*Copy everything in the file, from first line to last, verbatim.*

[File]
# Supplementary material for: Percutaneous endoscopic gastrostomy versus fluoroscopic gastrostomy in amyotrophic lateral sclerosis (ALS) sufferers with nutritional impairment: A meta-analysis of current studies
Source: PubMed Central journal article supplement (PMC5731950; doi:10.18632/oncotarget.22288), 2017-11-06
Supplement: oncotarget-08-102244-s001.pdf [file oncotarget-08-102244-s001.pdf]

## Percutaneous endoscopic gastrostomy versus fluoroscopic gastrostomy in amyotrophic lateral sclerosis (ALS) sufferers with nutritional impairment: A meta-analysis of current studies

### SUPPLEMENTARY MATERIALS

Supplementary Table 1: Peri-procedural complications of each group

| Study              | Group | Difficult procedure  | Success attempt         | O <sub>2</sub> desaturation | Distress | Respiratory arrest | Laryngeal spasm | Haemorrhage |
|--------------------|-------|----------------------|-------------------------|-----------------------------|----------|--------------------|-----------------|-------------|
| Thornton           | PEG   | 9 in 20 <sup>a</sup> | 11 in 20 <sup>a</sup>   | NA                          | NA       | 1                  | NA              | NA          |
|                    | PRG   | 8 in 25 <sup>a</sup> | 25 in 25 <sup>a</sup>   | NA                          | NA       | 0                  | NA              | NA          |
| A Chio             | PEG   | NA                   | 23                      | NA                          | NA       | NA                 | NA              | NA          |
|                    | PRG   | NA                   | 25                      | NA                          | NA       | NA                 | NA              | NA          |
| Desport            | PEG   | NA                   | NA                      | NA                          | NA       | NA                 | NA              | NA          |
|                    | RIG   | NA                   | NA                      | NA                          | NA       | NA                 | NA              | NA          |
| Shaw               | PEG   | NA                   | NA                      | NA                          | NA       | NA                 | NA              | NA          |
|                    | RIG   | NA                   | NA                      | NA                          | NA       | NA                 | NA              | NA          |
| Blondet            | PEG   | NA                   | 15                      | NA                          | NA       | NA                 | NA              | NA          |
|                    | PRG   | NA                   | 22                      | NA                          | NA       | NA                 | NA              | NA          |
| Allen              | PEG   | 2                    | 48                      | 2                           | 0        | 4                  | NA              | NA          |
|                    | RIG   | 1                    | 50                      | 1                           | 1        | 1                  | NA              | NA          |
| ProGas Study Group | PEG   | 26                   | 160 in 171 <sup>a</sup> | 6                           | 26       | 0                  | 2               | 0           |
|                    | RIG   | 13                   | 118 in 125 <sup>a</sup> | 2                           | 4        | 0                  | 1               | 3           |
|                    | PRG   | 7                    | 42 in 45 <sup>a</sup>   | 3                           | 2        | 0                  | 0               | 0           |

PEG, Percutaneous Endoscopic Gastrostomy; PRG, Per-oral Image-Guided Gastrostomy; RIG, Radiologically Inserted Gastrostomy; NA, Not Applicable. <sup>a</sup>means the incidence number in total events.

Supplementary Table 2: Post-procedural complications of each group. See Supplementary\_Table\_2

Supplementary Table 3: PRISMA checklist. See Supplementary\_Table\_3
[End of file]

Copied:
# Supplementary material for: Percutaneous endoscopic gastrostomy versus fluoroscopic gastrostomy in amyotrophic lateral sclerosis (ALS) sufferers with nutritional impairment: A meta-analysis of current studies
Source: PubMed Central journal article supplement (PMC5731950; doi:10.18632/oncotarget.22288), 2017-11-06
Supplement: oncotarget-08-102244-s001.pdf [file oncotarget-08-102244-s001.pdf]

## Percutaneous endoscopic gastrostomy versus fluoroscopic gastrostomy in amyotrophic lateral sclerosis (ALS) sufferers with nutritional impairment: A meta-analysis of current studies

### SUPPLEMENTARY MATERIALS

Supplementary Table 1: Peri-procedural complications of each group

| Study              | Group | Difficult procedure  | Success attempt         | O <sub>2</sub> desaturation | Distress | Respiratory arrest | Laryngeal spasm | Haemorrhage |
|--------------------|-------|----------------------|-------------------------|-----------------------------|----------|--------------------|-----------------|-------------|
| Thornton           | PEG   | 9 in 20 <sup>a</sup> | 11 in 20 <sup>a</sup>   | NA                          | NA       | 1                  | NA              | NA          |
|                    | PRG   | 8 in 25 <sup>a</sup> | 25 in 25 <sup>a</sup>   | NA                          | NA       | 0                  | NA              | NA          |
| A Chio             | PEG   | NA                   | 23                      | NA                          | NA       | NA                 | NA              | NA          |
|                    | PRG   | NA                   | 25                      | NA                          | NA       | NA                 | NA              | NA          |
| Desport            | PEG   | NA                   | NA                      | NA                          | NA       | NA                 | NA              | NA          |
|                    | RIG   | NA                   | NA                      | NA                          | NA       | NA                 | NA              | NA          |
| Shaw               | PEG   | NA                   | NA                      | NA                          | NA       | NA                 | NA              | NA          |
|                    | RIG   | NA                   | NA                      | NA                          | NA       | NA                 | NA              | NA          |
| Blondet            | PEG   | NA                   | 15                      | NA                          | NA       | NA                 | NA              | NA          |
|                    | PRG   | NA                   | 22                      | NA                          | NA       | NA                 | NA              | NA          |
| Allen              | PEG   | 2                    | 48                      | 2                           | 0        | 4                  | NA              | NA          |
|                    | RIG   | 1                    | 50                      | 1                           | 1        | 1                  | NA              | NA          |
| ProGas Study Group | PEG   | 26                   | 160 in 171 <sup>a</sup> | 6                           | 26       | 0                  | 2               | 0           |
|                    | RIG   | 13                   | 118 in 125 <sup>a</sup> | 2                           | 4        | 0                  | 1               | 3           |
|                    | PRG   | 7                    | 42 in 45 <sup>a</sup>   | 3                           | 2        | 0                  | 0               | 0           |

PEG, Percutaneous Endoscopic Gastrostomy; PRG, Per-oral Image-Guided Gastrostomy; RIG, Radiologically Inserted Gastrostomy; NA, Not Applicable. <sup>a</sup>means the incidence number in total events.

Supplementary Table 2: Post-procedural complications of each group. See Supplementary\_Table\_2

Supplementary Table 3: PRISMA checklist. See Supplementary\_Table\_3